Estimated fetal weight percentiles and kindergarten-age child
development: evaluating the predictive ability of the INTERGROWTH-21st
and WHO fetal growth charts a cohort study
Objectives: To estimate the association between estimated fetal weight
(EFW) percentiles on the INTERGROWTH-21st and WHO fetal growth charts
and kindergarten-age childhood development, and identify the charts’
percentile cut-offs that best predict kindergarten-age developmental
challenges. Design: Retrospective cohort linkage study. Setting:
Obstetrical ultrasound department of BC Women’s Hospital, Vancouver,
Canada. Population or Sample: Non-anomalous, singleton fetuses scanned ≥
28 weeks’ gestation, 2000-2011 (n=3418). Methods: We classified EFWs
into percentiles using the INTERGROWTH-21st and WHO charts. We used
generalized additive modelling to link EFW percentile with routine
province-wide kindergarten readiness test results. We calculated the
AUC, as well as other measures of diagnostic accuracy with 95%
confidence intervals (CI) at select percentile cut-points of the charts.
Main Outcome Measures: Total Early Development Instrument (EDI) score
(/50). Secondary outcomes: EDI sub-domain scores for language and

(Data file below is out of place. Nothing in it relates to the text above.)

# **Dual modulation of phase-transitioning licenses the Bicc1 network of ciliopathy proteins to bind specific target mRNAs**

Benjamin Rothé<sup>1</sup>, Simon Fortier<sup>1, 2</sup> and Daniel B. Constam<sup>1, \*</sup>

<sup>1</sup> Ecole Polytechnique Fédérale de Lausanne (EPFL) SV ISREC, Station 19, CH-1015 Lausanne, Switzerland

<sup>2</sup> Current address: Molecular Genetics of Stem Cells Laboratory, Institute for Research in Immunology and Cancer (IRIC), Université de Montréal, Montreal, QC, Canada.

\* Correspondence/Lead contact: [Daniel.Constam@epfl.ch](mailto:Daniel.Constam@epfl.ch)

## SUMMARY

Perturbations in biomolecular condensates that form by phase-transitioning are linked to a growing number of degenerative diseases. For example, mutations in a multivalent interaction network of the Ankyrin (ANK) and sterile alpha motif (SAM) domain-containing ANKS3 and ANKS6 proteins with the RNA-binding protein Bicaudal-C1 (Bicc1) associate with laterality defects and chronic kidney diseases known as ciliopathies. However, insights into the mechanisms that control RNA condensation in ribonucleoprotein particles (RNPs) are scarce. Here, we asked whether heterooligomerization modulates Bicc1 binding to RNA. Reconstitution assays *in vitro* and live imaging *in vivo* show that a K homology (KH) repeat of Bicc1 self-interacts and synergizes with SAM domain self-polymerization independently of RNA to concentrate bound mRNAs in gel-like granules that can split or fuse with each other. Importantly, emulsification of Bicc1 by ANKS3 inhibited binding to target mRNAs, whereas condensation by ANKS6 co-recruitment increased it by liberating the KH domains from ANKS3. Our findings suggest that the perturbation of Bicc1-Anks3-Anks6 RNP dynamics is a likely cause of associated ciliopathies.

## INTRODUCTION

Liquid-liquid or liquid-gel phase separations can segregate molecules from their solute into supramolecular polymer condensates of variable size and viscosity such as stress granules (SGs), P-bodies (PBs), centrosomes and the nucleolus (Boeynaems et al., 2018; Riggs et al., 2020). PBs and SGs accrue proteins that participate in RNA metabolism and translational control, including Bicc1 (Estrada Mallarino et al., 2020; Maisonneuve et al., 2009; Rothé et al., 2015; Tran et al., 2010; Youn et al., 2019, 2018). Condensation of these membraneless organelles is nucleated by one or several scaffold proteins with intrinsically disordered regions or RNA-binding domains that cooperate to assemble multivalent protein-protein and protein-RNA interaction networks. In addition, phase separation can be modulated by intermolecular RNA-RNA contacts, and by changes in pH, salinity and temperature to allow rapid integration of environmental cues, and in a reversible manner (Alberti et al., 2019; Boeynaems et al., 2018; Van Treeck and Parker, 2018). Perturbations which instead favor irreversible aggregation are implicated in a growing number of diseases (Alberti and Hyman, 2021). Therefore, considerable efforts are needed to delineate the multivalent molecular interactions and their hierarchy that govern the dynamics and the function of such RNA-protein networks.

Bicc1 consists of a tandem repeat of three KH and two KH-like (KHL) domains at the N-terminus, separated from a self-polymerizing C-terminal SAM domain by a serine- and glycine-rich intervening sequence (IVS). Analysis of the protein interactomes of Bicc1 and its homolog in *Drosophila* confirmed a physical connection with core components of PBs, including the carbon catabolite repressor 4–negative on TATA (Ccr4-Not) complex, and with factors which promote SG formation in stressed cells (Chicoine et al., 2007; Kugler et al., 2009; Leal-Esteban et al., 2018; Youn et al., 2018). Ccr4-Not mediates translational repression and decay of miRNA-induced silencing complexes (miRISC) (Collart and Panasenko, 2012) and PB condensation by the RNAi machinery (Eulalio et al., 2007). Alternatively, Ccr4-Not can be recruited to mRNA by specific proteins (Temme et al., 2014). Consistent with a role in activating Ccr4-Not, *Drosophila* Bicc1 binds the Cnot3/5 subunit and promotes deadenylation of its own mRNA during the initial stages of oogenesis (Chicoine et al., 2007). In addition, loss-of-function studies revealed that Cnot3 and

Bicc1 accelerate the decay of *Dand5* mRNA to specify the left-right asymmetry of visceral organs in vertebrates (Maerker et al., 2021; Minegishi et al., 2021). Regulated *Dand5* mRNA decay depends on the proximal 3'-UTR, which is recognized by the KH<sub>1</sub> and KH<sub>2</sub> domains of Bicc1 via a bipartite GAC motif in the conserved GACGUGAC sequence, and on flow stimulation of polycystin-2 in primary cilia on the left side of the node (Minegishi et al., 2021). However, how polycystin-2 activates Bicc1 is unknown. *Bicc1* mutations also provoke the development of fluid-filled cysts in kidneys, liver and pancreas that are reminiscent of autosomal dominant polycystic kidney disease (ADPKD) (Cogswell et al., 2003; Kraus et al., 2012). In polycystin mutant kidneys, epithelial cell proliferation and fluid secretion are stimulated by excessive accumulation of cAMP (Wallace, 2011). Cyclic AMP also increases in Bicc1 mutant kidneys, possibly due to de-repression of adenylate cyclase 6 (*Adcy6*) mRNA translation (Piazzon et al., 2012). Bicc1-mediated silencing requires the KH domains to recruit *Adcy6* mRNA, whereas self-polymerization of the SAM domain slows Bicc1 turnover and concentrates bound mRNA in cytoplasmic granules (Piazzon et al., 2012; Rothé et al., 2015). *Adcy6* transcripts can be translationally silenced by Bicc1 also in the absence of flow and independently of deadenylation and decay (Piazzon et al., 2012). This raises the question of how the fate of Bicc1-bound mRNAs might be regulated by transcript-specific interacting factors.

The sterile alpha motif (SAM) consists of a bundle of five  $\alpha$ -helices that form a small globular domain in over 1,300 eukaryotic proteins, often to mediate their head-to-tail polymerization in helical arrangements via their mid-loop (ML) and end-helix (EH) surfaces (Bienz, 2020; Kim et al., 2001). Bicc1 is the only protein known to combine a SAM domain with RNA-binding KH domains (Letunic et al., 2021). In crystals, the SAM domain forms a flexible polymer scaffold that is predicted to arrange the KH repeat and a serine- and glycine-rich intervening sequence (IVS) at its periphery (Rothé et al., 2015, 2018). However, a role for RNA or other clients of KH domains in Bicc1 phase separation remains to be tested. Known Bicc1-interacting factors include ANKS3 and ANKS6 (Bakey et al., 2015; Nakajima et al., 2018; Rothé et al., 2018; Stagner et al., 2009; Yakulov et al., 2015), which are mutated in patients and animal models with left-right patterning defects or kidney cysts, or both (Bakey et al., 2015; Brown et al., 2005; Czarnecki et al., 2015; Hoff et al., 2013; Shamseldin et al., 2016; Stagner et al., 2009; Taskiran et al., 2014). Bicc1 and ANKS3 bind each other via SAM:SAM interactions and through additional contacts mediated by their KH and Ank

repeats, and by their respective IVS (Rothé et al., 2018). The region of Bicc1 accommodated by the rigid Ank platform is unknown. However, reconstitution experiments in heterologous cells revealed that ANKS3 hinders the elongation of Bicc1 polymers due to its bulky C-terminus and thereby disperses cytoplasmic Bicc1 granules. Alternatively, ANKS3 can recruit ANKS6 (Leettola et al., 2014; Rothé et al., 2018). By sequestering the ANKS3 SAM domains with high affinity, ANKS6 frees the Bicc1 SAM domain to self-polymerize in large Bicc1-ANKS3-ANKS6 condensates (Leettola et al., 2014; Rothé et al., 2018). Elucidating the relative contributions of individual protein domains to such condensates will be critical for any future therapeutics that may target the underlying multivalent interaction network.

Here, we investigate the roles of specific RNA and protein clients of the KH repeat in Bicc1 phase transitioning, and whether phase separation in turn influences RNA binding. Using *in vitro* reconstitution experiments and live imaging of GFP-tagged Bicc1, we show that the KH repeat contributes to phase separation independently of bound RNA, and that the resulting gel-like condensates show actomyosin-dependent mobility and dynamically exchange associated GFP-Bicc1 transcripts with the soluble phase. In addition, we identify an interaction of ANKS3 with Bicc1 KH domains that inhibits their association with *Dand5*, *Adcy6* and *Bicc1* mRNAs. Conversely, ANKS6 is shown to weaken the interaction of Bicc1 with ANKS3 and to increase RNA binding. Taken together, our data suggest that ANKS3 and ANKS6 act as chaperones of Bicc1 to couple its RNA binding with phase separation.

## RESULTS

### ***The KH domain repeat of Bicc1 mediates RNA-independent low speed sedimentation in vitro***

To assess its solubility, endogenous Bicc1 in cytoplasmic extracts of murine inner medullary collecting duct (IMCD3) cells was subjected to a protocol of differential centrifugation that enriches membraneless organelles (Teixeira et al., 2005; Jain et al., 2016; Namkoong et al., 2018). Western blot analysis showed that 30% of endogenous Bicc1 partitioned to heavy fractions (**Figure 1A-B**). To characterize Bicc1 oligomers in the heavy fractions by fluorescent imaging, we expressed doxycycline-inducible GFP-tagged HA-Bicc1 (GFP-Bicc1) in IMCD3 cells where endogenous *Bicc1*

cognitive development, and for communication skills and general
knowledge; designation of ‘developmentally vulnerable’ or ‘special
needs’. Results: Fetuses with lower EFW percentiles had systematically
lower EDI scores and increased risks of developmental vulnerability.
However, the clinical significance of differences was modest in
magnitude: e.g., total EDI score -2.8 [95% CI: -5.1, -0.5] in
children with an EFW 3-9th percentile of INTERGROWTH chart (vs.
reference of 31-90th). The charts’ predictive abilities for adverse
child development were limited (e.g., AUC<0.53 for both
charts). Conclusions: Lower EFW percentiles on the INTERGROWTH-21st and
WHO charts indicate increased risks of adverse kindergarten-age child
development at the population level, but are not accurate
individual-level predictors of adverse child development.